What affects the length of the daytime?

What affects the length of the daytime?

The rotation of the Earth on its axis causes the variation between day and night. The durations of days and nights vary depending on where you are on Earth and the season. In addition, the tilt of the Earth's axis and its route around the sun influence daylight hours. These effects combined make for some interesting seasonal changes in our daily lives.

Daytime length is determined by the angle of the Earth's axis relative to its orbit around the Sun. When this angle is 90 degrees, the Earth is at its most distant point from the Sun and daytime length is long. If the angle is 0 degrees, the Earth is at its closest point to the Sun and daytime length is short. Between these two extremes, there is a period when the Earth is at its farthest distance from the Sun and then moves back toward it, causing daytime length to fluctuate over the course of the year.

The amount of time it takes the Earth to rotate once on its axis is called its spin period. This value is about 24 hours for places on the surface of the Earth's crust but it varies slightly from place to place due to differences in mass. The spin period is important because it determines how many times per day the Earth's axis points directly towards the Sun, which in turn determines whether it is day or night on Earth.

How will the length of a day change?

Why does the length of the Earth's day fluctuate over the year? Every region on Earth receives an average of 12 hours of light every day, however the amount of hours of daylight on any given day of the year varies. Because the Earth revolves on its axis, we have day and night. But due to the orbit of the Earth around the Sun, we also have seasons: cold months in the north polar region, hot months in the south. The angle between the equator and the plane of the Earth's orbit around the Sun is called the Earth's obliquity. It is different at different times during the year because of factors such as earthquakes and volcanic activity that alter the Earth's orientation with respect to the sun.

The length of a day depends on when you are on Earth. If you're standing on the North Pole, then the length of a day would be 24 hours. If you were standing on the South Pole, then the length of a day would be 24 hours too. But if you travel west across the Arctic Ocean or east across the Antarctic Sea, then the length of a day starts to get shorter because you are getting farther from the source of light (the Sun). By the time you reach the westernmost point of Greenland or the easternmost point of Australia, the length of a day has become less than 12 hours. When you arrive back at the South Pole or North Pole, the length of a day has become more than 12 hours again.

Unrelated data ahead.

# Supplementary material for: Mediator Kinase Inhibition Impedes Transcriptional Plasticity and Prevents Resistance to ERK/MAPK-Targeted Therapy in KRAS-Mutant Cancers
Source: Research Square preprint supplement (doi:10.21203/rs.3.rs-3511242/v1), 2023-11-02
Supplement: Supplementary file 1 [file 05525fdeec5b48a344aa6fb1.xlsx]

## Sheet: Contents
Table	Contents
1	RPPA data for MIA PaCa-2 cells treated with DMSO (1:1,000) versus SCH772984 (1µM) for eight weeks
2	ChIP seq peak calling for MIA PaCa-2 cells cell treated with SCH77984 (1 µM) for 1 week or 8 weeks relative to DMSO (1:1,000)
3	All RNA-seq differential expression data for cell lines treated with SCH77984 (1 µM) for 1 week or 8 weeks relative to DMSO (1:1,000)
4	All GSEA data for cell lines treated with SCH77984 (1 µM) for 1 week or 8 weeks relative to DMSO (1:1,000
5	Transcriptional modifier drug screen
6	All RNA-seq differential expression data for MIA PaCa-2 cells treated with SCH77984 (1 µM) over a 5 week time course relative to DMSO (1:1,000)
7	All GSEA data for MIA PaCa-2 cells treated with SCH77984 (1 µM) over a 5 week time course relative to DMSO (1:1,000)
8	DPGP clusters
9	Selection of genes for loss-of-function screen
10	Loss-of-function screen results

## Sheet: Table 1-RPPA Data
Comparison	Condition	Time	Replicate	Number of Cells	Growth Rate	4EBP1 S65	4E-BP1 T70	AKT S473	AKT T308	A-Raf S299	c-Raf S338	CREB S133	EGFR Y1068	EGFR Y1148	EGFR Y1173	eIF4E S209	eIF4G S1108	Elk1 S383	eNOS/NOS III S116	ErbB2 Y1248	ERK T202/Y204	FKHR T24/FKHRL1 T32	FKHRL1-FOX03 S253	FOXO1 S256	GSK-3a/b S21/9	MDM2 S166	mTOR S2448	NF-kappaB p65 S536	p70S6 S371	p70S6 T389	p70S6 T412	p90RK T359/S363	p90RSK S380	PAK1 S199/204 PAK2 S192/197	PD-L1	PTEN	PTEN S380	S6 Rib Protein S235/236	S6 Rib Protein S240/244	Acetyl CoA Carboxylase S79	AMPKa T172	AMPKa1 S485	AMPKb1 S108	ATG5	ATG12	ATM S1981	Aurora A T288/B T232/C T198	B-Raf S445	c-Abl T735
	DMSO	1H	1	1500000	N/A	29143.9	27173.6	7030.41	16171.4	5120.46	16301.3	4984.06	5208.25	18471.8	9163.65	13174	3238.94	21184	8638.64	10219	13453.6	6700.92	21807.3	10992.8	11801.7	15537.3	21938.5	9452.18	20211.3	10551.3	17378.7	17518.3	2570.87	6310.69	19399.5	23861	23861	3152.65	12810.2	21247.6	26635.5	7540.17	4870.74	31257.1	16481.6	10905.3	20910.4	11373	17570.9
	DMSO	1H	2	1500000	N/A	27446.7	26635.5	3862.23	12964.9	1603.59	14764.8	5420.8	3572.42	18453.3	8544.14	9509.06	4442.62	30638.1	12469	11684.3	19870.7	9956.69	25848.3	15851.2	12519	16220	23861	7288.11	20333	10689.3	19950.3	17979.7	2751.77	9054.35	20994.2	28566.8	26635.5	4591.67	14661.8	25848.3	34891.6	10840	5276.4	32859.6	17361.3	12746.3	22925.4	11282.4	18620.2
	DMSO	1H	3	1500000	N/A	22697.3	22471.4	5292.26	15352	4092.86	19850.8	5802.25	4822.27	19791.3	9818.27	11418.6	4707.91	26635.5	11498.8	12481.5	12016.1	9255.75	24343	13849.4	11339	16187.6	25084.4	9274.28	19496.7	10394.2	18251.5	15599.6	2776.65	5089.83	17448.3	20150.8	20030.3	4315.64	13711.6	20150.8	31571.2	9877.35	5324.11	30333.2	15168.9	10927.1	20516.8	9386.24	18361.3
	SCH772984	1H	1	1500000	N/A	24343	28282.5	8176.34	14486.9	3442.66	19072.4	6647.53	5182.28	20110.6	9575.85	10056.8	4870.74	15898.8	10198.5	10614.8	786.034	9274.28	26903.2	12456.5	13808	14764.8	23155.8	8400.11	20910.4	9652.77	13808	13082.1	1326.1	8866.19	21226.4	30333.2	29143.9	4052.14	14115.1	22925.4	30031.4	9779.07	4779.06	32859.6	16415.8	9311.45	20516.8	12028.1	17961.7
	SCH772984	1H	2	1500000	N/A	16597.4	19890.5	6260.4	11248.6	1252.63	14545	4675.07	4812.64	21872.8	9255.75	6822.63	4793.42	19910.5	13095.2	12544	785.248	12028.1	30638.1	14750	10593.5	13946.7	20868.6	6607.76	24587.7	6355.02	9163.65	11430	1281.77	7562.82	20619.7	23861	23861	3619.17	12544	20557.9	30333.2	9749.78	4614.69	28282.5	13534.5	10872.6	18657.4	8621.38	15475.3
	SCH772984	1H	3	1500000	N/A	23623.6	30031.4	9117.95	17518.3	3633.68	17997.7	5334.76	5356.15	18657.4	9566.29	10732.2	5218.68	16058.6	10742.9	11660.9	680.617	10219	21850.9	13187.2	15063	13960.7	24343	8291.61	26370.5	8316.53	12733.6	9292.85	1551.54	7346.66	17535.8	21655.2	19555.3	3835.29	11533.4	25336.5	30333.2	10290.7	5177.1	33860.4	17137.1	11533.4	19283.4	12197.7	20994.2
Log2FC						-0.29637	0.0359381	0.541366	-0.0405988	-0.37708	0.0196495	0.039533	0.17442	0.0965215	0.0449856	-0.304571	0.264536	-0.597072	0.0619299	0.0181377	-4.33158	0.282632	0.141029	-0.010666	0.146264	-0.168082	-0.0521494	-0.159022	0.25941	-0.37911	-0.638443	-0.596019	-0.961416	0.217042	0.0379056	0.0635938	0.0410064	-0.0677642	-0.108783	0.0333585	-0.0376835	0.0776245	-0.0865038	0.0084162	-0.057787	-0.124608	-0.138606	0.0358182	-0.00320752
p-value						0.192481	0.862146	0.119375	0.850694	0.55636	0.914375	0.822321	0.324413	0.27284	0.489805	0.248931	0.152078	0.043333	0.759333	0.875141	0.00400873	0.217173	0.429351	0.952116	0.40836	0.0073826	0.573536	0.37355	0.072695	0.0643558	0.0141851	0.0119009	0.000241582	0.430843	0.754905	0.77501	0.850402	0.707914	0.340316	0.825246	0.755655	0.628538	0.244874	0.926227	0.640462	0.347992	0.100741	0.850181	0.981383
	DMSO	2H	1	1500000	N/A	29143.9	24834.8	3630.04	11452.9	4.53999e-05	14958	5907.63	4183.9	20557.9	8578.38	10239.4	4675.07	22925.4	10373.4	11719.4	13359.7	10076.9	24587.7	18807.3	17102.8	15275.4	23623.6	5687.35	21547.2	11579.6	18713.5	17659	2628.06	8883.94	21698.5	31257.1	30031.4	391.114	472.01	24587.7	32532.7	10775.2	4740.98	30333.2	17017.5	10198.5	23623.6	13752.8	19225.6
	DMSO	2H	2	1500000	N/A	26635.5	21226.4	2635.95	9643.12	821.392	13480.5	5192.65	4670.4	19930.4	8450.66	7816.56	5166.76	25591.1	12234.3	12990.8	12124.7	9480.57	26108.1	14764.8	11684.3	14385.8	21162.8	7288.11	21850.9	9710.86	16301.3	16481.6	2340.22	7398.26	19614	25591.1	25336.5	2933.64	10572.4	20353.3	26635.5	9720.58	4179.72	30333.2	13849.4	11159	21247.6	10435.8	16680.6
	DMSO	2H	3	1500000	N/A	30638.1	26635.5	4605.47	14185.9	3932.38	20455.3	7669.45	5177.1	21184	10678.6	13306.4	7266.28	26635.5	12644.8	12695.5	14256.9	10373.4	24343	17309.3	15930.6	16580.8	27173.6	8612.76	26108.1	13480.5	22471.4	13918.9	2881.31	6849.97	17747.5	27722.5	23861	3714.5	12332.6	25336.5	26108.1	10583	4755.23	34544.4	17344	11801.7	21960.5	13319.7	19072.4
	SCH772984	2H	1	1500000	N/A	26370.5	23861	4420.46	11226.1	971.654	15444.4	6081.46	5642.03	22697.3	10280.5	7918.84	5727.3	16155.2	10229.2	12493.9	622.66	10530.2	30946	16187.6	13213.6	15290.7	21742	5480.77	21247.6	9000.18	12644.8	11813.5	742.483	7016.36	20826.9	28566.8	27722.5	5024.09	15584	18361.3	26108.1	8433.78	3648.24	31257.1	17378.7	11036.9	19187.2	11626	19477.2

What affects the hours of daylight?

Our amount of daylight hours is determined by our latitude and the Earth's orbit around the sun. The Earth's rotation axis is inclined from its orbital plane and always points in the same direction—-towards the North Star. This tilting causes variations in solar energy that vary with latitude. At the equator, days are long and warm; at the poles, they are short and cold.

The length of a day is about 24 hours at the equator, but it varies depending on where you are on Earth. Days are shorter near the poles and longer near the equator. A day at the South Pole is about 22 hours long, while a day at the North Pole is nearly 26 hours long.

At any given time, parts of the Earth are illuminated by sunlight, while others are in darkness. These areas of daytime and nighttime occur in cycles, called seasons. The seasons influence many aspects of life, including climate, agriculture, and human health. They are caused by differences in distance between the Earth and the Sun during its annual journey around the center of the Milky Way Galaxy. In late fall and early spring, the Earth is caught between these two bodies: the Sun is bright yet distant, and only a small part of it is visible above the horizon; conversely, in late summer and early winter, the Earth is out of sight behind the Sun, which is bright and hot like the rest of the galaxy.

Why is there a difference between the durations of the days?

At the equator, day and night last about the same amount of time. However, as we travel further from the equator and toward the poles, the changes in the length of day and night become more pronounced. At the poles, day is longer than year-round temperatures would lead us to expect (because of the planet's rotation), while at the equator, night is longer than day.

As we orbit the globe around the Sun, the Earth's axis becomes tilted with respect to its orbital plane. This is called "obliquity". The angle between the Earth's rotational axis and its orbital axis varies over time because of gravitational forces acting on the planet's core. But over long periods of time (10,000 years or more), these angles remain nearly constant at approximately 23.5 degrees for north-south orientation and 45 degrees for east-west orientation.

During a total solar eclipse, only those areas within a few miles of the path where the eclipse is visible will experience completely dark skies with no moonlight. Otherwise, at any given place on Earth, some fraction of the sky will be illuminated by sunlight during an eclipse.

In partial eclipses, where less than all of the sun is obscured, the duration of daylight and darkness are almost exactly equal.

About Article Author

Cathy Strebe

Cathy Strebe is a spiritual healer who specializes in yoga techniques. Her goal as a healer is to help people feel better and live their best life possible. Cathy knows all about the struggles of being human, and how hard it can be to want things but not have them. She has overcome many obstacles in her own life, and she wants to share that with others so they too can find peace within themselves.

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